In a neighborly gesture, Wash Park Art at 1215 Elm Street welcomes the Cincinnati Shakespeare Company to its new location half a block away with “Midsummer Dreams,” a show inspired by the Company’s first offering there, Midsummer Night’s Dream. More than a dozen artists, many with Cincinnati ties, are represented in this engaging exhibition.
The gallery is housed in a 19th century row house and utilizes the space in its original proportions, lending a nice sense of intimacy to its showings. Entry is into the largest of the three areas, a narrow, longish room that can accommodate the most sizable work in the exhibition and a dozen small watercolors hung as a unit as well as a number of other works. Interestingly, both the large painting (6 feet x 8 feet) and the group of small ones are the work of Cincinnati-based Thomas Hieronymous Towhey.
Towey’s large work here is a crowded canvas, bursting with woodland symbols – blooms, branches, tree trunks, a clutch of vari-colored birds’ eggs, lots of reds, yellows – it pulses with life. He calls the work “William’s Writing Room” and turned to As You Like It for inspiration, a quote from Orlando which includes “You should ask me what time of day. There’s no clock in the forest.” The small works are all the same size, rectangles, some hung vertically and some horizontally, nature invoked but no people. Size is the artist’s preoccupation in them; his choice of reference is from Helena in Midsummer Night’s Dream, who says “And though she be but little, she is fierce.”
Everage King, another Cincinnati-based artist, is well represented in the exhibition; an example is his painting (acrylic on paper) called “Gritty Streets.” It shows exactly that, and is accompanied by a quotation from King Lear which includes this cry: “O gods! Who is’t can say I am the worst. . .”
Shakespeare’s “sermons in stones and good in everything. I would not change it” is a neat tie-in for New Jersey-based David Hartz’s “Pareidolia (RockFace Series)”. The series includes three color pencil drawings and three photographs, all scenes from the Valley of the Goblins in Utah. The goblins themselves may not be readily apparent but stones are strongly in evidence. Hartz is an interesting artist, with his easy swing between art forms.
I neglected to make note of the Shakespearean reference for Sam Hollingworth’s watercolor “Preposterous Rhinoceros,” but it is in fact preposterous. We see the rhino from the side, squarely in profile, and on his back are three young girls, two at opposite ends of a jump rope and the third jumping. The moon is large and white at one side, birds walk in the foreground and reds and yellows predominate. Everybody is having a good time including, one would think, both the artist and the viewer.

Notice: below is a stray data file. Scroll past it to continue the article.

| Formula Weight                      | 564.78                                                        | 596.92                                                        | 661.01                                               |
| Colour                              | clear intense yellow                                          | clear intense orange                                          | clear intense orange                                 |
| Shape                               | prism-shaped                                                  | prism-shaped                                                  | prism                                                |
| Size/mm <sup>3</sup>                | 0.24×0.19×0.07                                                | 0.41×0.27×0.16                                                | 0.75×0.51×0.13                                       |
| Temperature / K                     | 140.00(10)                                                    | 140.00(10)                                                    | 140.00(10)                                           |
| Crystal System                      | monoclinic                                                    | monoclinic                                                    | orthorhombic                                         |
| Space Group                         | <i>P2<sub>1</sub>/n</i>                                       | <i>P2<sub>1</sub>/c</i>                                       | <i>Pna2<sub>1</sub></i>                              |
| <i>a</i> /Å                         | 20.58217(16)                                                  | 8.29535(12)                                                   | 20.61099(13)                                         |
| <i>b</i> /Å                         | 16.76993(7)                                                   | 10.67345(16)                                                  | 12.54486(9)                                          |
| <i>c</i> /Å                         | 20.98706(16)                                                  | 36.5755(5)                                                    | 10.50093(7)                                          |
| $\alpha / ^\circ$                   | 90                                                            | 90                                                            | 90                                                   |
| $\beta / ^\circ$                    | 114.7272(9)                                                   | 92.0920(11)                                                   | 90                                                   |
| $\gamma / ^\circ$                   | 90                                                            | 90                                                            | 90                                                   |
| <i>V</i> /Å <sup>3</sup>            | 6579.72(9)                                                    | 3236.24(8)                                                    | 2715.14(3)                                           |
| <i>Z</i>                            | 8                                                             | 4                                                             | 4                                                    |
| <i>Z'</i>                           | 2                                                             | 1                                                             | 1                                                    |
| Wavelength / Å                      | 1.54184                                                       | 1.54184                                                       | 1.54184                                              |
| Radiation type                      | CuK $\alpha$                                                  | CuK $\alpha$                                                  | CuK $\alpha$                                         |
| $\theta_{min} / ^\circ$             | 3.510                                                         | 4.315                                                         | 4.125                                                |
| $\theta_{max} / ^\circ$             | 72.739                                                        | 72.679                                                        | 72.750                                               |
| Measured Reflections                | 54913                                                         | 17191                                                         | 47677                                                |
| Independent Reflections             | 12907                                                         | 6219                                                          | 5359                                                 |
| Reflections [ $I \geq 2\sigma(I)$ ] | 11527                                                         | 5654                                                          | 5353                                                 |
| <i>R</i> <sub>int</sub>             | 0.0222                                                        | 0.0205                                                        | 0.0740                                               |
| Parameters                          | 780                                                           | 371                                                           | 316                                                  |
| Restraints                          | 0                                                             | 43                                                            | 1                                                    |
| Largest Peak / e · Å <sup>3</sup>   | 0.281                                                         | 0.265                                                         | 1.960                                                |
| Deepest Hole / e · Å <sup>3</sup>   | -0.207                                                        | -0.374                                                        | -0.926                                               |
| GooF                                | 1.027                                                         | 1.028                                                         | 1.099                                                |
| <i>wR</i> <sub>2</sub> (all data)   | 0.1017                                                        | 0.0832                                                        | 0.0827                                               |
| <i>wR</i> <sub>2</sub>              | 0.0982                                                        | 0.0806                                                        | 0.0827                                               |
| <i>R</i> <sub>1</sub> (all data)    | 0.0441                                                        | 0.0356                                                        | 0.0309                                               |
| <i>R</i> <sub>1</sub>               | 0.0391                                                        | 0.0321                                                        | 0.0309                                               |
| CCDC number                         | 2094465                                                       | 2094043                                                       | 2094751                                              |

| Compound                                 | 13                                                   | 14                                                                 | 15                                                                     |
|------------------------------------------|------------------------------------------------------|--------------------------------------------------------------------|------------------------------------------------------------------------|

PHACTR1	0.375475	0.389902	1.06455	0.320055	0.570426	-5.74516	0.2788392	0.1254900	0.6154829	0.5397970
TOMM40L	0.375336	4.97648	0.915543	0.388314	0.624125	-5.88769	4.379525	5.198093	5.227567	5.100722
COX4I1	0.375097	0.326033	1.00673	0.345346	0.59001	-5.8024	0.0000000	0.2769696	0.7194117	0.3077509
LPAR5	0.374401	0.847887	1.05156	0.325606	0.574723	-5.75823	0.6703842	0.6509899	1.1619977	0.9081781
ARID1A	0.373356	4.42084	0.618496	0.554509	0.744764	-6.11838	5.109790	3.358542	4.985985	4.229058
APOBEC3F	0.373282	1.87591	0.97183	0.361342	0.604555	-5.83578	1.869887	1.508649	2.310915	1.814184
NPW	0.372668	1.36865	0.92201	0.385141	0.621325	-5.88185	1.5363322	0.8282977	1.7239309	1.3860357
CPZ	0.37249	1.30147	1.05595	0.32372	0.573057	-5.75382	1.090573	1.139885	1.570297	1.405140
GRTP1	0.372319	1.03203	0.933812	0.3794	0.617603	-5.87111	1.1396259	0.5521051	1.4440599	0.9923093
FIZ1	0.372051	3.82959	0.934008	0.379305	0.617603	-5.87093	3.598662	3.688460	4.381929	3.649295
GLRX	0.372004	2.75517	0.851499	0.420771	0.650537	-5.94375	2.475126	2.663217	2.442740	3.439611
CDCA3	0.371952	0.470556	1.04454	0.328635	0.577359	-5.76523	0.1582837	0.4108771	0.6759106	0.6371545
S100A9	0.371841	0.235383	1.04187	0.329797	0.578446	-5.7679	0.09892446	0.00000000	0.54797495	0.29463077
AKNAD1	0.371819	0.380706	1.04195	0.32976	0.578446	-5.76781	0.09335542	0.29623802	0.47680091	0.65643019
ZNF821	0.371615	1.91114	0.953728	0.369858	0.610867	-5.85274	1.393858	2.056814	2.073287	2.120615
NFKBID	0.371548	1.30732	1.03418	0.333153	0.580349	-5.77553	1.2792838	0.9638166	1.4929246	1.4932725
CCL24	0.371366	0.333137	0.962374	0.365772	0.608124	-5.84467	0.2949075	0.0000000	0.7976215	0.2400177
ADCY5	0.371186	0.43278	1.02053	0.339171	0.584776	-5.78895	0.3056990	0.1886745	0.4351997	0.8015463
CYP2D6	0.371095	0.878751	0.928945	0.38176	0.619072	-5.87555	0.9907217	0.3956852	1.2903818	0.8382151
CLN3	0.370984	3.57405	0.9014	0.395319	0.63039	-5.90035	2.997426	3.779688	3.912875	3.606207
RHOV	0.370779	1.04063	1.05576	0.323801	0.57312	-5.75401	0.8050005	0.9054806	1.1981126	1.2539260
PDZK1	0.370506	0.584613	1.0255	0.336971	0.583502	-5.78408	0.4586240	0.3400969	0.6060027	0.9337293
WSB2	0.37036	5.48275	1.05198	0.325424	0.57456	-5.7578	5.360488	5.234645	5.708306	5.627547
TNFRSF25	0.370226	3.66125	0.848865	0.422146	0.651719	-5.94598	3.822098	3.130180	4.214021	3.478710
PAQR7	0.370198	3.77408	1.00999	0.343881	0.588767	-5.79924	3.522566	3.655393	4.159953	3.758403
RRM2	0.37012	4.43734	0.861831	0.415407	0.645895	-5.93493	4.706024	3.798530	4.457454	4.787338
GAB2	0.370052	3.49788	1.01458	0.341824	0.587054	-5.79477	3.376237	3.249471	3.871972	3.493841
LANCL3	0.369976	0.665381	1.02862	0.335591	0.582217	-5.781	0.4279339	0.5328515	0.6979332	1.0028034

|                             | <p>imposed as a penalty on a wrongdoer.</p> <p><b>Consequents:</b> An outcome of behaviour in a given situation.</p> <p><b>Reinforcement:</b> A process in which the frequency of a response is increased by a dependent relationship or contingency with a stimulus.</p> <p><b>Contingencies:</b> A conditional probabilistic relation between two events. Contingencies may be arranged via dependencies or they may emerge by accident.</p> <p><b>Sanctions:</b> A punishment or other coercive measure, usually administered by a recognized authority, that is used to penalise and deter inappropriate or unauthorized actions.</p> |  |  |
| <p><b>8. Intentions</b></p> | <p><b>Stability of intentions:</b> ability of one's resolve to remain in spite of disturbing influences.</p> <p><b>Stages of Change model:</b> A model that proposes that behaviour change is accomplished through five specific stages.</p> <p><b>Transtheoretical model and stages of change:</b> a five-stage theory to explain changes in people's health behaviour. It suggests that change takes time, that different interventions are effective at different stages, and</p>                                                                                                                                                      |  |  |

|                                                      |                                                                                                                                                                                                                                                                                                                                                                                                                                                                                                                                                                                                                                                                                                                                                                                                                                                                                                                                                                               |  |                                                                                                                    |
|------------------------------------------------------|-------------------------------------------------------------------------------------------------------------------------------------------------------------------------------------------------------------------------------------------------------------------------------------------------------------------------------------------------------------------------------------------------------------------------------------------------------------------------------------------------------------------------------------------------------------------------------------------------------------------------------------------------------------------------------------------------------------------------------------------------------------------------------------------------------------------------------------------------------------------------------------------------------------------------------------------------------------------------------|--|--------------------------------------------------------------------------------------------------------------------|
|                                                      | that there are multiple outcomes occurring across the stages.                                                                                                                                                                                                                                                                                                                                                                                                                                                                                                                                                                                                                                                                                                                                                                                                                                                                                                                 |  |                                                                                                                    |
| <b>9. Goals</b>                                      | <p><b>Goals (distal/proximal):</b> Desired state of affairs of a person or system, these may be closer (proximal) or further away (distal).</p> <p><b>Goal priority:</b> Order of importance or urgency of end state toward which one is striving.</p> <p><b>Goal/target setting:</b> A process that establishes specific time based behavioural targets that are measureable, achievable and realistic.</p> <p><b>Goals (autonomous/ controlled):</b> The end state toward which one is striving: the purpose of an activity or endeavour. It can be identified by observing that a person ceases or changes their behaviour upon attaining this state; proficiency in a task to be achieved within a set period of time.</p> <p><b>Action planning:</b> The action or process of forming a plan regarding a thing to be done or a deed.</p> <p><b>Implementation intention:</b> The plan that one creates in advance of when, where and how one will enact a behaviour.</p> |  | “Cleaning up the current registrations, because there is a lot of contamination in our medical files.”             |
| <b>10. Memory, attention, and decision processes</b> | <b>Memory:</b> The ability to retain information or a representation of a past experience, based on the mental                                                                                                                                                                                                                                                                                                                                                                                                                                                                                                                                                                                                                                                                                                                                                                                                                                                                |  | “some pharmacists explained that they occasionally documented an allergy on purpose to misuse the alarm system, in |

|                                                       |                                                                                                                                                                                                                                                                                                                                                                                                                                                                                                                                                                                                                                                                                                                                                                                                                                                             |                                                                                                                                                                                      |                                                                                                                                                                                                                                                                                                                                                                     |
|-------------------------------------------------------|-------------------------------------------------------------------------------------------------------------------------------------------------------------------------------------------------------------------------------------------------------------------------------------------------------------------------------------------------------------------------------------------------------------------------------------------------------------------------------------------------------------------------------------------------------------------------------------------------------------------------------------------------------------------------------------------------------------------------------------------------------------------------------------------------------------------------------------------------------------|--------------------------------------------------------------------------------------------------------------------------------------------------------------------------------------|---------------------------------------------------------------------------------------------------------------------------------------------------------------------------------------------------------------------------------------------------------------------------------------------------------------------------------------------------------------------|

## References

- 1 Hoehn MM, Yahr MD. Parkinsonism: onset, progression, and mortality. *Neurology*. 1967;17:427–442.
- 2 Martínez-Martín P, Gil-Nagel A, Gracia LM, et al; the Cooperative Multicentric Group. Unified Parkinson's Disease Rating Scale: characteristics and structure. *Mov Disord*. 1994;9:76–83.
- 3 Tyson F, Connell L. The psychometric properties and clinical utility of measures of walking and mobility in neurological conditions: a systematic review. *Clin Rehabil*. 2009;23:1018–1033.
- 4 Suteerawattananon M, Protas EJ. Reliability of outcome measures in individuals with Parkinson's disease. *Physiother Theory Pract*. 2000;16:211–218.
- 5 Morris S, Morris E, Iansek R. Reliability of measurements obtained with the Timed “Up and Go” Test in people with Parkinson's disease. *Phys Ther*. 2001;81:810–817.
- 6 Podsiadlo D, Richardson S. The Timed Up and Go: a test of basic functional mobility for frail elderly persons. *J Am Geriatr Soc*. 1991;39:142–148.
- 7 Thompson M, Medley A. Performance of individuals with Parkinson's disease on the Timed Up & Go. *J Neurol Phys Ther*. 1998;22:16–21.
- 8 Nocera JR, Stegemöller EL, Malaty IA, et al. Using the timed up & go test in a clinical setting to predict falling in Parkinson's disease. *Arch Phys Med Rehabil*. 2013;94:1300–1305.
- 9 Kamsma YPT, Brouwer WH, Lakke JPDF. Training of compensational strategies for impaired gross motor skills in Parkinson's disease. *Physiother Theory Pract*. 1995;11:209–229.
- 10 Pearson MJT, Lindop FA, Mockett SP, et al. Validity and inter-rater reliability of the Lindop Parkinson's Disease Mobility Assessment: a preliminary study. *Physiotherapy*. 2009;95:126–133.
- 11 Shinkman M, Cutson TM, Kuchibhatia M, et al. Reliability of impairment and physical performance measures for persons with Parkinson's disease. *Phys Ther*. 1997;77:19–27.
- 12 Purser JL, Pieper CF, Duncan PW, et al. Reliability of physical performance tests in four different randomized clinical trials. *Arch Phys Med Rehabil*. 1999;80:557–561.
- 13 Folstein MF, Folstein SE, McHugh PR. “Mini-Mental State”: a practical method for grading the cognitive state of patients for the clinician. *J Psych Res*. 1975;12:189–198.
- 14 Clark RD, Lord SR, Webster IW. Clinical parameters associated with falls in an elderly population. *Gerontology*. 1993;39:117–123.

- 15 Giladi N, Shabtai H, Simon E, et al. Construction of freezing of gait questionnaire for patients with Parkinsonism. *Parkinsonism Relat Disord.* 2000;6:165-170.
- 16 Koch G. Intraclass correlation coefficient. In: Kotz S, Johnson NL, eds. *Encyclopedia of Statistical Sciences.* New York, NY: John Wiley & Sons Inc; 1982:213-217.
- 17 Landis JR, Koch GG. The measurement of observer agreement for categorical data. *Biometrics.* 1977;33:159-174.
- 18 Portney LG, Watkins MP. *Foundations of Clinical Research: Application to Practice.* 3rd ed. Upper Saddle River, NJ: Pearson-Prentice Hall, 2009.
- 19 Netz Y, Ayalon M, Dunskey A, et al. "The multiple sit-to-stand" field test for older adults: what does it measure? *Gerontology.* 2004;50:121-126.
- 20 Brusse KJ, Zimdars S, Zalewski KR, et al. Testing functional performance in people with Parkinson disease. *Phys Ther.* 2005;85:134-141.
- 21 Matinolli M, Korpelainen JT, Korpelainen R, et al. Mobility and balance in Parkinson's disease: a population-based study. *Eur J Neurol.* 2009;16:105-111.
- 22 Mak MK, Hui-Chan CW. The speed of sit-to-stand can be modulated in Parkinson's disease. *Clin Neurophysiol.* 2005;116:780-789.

Norberto Sandoval Malaver, working traditionally in oil on canvas, shows us a young woman at the keyboard in “La Pianista” and uses as his reference the familiar plea from Twelfth Night: “. . .if music be the food of love, play on. . .” Yellows and blues predominate in this large and rather handsome work and the stroke of the brush defines shape.
My favorite of the two or three photographs by Michael Stoyak in this exhibition is a gelatin silver print (35mm film) showing a figure seen from the rear, seated on the ground, wearing white clothes and holding a white umbrella. The umbrella acts as shield from sun and also, of course, shield from eyes. Multiple layers of meaning can be read into the line from Hamlet given by Stoyak as his reference: “The chariest maid is prodigal enough if she unmasks her beauty to the moon.”
The moon, that handmaid to romance, turns up in Sam Hollingworth’s watercolor with its reference to “. . .the moon sleeps with Endymion. . .” depicted by a graceful figure half reclining low in the composition and a grandly full moon against a sky charged with purple.
The exhibition, which includes work from sixteen artists in all, extends through the three ground floor rooms of Wash Park Gallery. It is a pleasant summertime excursion, tickling memory with its Shakespeare associations and including a variety of artistic approaches. Prospero has told us that “We are such stuff as dreams are made on,” certainly a suggestion this exhibition underlines.
Wash Park Art’s version of Midsummer Night’s Dream runs through September 23 and is open 4 to 7 p.m. on Thursdays and Fridays, 2 to 7 p.m. on Saturdays. On Thursday, August 17, a gallery talk is scheduled from 6 to 7 p.m. and hours will be extended to 8 p.m.